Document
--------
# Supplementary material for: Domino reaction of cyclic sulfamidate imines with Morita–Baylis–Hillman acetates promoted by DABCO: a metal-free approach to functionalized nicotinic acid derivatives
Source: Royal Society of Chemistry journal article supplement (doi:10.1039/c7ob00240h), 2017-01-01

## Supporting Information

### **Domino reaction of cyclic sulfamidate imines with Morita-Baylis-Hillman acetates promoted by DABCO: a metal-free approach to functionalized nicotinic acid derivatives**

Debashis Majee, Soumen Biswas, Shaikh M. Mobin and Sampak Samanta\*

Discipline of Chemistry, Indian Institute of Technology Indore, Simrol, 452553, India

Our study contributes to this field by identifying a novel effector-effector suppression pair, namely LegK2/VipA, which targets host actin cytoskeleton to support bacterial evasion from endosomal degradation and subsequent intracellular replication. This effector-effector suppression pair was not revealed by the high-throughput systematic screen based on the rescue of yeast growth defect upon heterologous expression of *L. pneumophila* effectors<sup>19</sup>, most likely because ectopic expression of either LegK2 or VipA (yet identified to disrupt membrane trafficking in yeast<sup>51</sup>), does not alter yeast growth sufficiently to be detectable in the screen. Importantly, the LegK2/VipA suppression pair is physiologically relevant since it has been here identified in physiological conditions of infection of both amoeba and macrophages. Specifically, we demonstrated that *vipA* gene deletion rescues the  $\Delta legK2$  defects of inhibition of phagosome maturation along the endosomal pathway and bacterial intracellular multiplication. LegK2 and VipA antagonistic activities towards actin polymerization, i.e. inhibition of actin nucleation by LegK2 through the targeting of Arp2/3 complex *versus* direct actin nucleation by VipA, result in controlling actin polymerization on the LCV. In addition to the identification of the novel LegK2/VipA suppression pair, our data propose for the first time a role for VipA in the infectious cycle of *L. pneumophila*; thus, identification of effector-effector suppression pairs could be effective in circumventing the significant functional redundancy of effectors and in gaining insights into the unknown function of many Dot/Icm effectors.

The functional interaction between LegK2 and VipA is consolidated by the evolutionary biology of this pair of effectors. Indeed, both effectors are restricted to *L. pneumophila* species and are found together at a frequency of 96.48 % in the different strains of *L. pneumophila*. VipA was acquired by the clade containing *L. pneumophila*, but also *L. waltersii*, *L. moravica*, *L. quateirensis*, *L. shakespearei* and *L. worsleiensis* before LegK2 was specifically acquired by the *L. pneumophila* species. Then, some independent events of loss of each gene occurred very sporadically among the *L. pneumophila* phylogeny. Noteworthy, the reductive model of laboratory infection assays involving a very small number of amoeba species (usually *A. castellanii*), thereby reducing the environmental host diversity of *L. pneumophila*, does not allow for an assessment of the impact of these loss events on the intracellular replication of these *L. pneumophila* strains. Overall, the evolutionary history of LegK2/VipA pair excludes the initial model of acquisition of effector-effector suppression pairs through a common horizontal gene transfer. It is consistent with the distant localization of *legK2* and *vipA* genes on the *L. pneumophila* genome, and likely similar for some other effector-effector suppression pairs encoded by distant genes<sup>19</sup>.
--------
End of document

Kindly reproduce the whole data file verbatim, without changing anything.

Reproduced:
# Supplementary material for: Domino reaction of cyclic sulfamidate imines with Morita–Baylis–Hillman acetates promoted by DABCO: a metal-free approach to functionalized nicotinic acid derivatives
Source: Royal Society of Chemistry journal article supplement (doi:10.1039/c7ob00240h), 2017-01-01

## Supporting Information

### **Domino reaction of cyclic sulfamidate imines with Morita-Baylis-Hillman acetates promoted by DABCO: a metal-free approach to functionalized nicotinic acid derivatives**

Debashis Majee, Soumen Biswas, Shaikh M. Mobin and Sampak Samanta\*

Discipline of Chemistry, Indian Institute of Technology Indore, Simrol, 452553, India

Our study contributes to this field by identifying a novel effector-effector suppression pair, namely LegK2/VipA, which targets host actin cytoskeleton to support bacterial evasion from endosomal degradation and subsequent intracellular replication. This effector-effector suppression pair was not revealed by the high-throughput systematic screen based on the rescue of yeast growth defect upon heterologous expression of *L. pneumophila* effectors<sup>19</sup>, most likely because ectopic expression of either LegK2 or VipA (yet identified to disrupt membrane trafficking in yeast<sup>51</sup>), does not alter yeast growth sufficiently to be detectable in the screen. Importantly, the LegK2/VipA suppression pair is physiologically relevant since it has been here identified in physiological conditions of infection of both amoeba and macrophages. Specifically, we demonstrated that *vipA* gene deletion rescues the  $\Delta legK2$  defects of inhibition of phagosome maturation along the endosomal pathway and bacterial intracellular multiplication. LegK2 and VipA antagonistic activities towards actin polymerization, i.e. inhibition of actin nucleation by LegK2 through the targeting of Arp2/3 complex *versus* direct actin nucleation by VipA, result in controlling actin polymerization on the LCV. In addition to the identification of the novel LegK2/VipA suppression pair, our data propose for the first time a role for VipA in the infectious cycle of *L. pneumophila*; thus, identification of effector-effector suppression pairs could be effective in circumventing the significant functional redundancy of effectors and in gaining insights into the unknown function of many Dot/Icm effectors.

The functional interaction between LegK2 and VipA is consolidated by the evolutionary biology of this pair of effectors. Indeed, both effectors are restricted to *L. pneumophila* species and are found together at a frequency of 96.48 % in the different strains of *L. pneumophila*. VipA was acquired by the clade containing *L. pneumophila*, but also *L. waltersii*, *L. moravica*, *L. quateirensis*, *L. shakespearei* and *L. worsleiensis* before LegK2 was specifically acquired by the *L. pneumophila* species. Then, some independent events of loss of each gene occurred very sporadically among the *L. pneumophila* phylogeny. Noteworthy, the reductive model of laboratory infection assays involving a very small number of amoeba species (usually *A. castellanii*), thereby reducing the environmental host diversity of *L. pneumophila*, does not allow for an assessment of the impact of these loss events on the intracellular replication of these *L. pneumophila* strains. Overall, the evolutionary history of LegK2/VipA pair excludes the initial model of acquisition of effector-effector suppression pairs through a common horizontal gene transfer. It is consistent with the distant localization of *legK2* and *vipA* genes on the *L. pneumophila* genome, and likely similar for some other effector-effector suppression pairs encoded by distant genes<sup>19</sup>.